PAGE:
Wednesday, August 7, 2013
Black Sabbath - Born Again
This was the first and only Sabbath album to feature Ian Gillan (formerly of Deep Purple) on vocals. The record also featured the return of drummer Bill Ward, who had left the group previously due to alcohol issues. The rest of the line up was Tony Iommi (guitar and flute), Geezer Butler (bass) and Geoff Nicholls (keyboards).
Side one opens with “Trashed”, which was also released as a single. The fast and furious rocker describes an alcohol-fueled car race around the grounds of the recording studio during which Gillan crashed Ward’s car. It ends with a scorching guitar solo by Iommi.
The B-side to that single was “Stonehenge”, a two minute, cosmic sounding instrumental interlude.
“Disturbing the Priest” was said to be inspired by a local vicar who approached the studio during recording and asked the band to keep the music down so his choir could practice. The mood of this song about the balance of good versus evil is dark and forbidding, inspiring fear and paranoia. It feels like it stepped right out of a film like The Exorcist.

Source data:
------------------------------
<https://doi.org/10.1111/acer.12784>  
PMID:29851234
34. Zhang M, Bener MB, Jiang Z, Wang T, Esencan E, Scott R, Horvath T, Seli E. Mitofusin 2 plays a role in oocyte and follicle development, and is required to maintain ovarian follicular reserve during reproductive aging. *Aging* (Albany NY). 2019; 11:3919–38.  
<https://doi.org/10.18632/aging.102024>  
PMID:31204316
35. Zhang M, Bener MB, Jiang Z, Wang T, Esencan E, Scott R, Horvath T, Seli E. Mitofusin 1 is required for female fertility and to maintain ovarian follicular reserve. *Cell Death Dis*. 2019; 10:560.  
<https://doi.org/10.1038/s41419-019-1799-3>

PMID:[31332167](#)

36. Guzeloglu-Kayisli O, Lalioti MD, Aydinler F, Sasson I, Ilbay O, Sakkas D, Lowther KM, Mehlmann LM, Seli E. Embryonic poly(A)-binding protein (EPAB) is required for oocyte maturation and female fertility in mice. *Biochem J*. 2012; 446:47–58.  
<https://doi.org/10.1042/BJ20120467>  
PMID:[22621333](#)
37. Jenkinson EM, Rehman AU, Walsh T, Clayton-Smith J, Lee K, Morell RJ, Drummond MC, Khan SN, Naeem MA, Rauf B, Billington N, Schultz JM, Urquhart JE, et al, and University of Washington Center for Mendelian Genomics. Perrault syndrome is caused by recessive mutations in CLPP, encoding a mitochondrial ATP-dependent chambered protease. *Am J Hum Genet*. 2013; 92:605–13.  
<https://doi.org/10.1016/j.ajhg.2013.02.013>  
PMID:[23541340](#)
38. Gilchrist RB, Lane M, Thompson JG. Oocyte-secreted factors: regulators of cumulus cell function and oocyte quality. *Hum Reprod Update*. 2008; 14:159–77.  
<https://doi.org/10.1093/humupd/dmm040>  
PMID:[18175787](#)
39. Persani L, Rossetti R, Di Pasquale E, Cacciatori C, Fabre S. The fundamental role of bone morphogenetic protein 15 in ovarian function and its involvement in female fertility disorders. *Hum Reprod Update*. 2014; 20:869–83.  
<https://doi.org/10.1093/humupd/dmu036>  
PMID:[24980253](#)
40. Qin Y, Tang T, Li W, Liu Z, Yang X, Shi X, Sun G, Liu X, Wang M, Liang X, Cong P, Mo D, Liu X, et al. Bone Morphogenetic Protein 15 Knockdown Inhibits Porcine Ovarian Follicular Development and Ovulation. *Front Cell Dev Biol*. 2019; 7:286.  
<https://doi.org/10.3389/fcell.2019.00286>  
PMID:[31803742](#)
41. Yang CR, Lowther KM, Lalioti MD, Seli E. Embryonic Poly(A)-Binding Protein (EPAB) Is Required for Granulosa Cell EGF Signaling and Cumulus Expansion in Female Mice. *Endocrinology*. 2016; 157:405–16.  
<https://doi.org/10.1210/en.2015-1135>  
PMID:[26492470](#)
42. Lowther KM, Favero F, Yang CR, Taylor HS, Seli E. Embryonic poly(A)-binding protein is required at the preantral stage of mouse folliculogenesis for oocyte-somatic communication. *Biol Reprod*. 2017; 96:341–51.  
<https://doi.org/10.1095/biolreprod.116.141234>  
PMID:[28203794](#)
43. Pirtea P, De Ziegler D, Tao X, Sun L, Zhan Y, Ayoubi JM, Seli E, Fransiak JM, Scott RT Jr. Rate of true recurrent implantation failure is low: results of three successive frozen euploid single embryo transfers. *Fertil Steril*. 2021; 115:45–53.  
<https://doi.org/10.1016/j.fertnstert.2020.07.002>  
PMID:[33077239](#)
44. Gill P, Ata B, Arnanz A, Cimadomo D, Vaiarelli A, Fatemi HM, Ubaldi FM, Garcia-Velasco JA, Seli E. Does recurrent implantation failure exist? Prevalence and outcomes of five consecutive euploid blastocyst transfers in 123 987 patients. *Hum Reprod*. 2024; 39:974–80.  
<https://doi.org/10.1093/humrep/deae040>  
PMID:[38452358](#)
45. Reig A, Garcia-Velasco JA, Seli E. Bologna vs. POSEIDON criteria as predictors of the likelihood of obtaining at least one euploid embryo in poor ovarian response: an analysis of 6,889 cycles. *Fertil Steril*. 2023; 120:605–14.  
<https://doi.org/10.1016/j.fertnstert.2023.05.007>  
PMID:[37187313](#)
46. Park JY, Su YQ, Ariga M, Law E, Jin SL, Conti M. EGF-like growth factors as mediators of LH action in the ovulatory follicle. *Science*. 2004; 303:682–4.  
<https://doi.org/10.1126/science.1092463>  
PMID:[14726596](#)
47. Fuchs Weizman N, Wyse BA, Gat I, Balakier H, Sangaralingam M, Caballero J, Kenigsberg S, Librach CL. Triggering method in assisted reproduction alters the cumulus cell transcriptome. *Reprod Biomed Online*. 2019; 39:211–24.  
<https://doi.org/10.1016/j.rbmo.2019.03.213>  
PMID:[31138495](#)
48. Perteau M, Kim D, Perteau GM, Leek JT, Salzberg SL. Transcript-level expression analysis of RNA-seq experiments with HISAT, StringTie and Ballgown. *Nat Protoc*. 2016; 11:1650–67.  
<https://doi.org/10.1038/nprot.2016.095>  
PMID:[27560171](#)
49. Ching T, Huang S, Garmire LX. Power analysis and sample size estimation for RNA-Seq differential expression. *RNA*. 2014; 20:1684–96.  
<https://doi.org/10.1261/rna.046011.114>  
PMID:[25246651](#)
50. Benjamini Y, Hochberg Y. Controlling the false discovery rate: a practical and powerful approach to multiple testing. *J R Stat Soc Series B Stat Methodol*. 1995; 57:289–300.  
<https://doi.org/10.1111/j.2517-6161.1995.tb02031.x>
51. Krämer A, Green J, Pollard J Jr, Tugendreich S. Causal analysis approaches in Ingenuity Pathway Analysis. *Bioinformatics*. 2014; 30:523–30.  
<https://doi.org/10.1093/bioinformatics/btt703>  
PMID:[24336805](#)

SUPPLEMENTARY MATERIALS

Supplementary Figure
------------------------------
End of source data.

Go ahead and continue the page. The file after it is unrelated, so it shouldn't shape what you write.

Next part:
“The Dark”, a very short musical segue, plays well after the last track and leads directly to the next one.
“Zero the Hero” offers up a possibility for redemption, to stand for something bigger than one’s self.
Side two begins with “Digital Bitch”, a rapid-fire rhythm diatribe about a wealthy woman who flaunts her influence and power.
The title track “Born Again” is next. This one winds along on a slow tempo for six and a half minutes.
“Hot Line” has a solid, driving metal grind to it
The album closes out with “Keep It Warm”, a mid-tempo tune that reminds me a little of classic Led Zeppelin. The singer urges his lady to keep their love warm until he returns home from the road.
My exposure to Black Sabbath growing up was mostly from the album-oriented rock station out of Buffalo that played them as part of their rotation of classic acts. By the time I was preparing for college at the time Born Again came out in 1983, I had really shifted my gears almost completely to new-wave and such. Therefore, this album was completely off my radar.
Listening to it for this review, I certainly liked it. Sabbath showed that they could still lay down the heavy metal thunder even after a number of line-up changes. It certainly had that classic Sabbath sound musically that I knew from their earlier days of recording in the 70’s.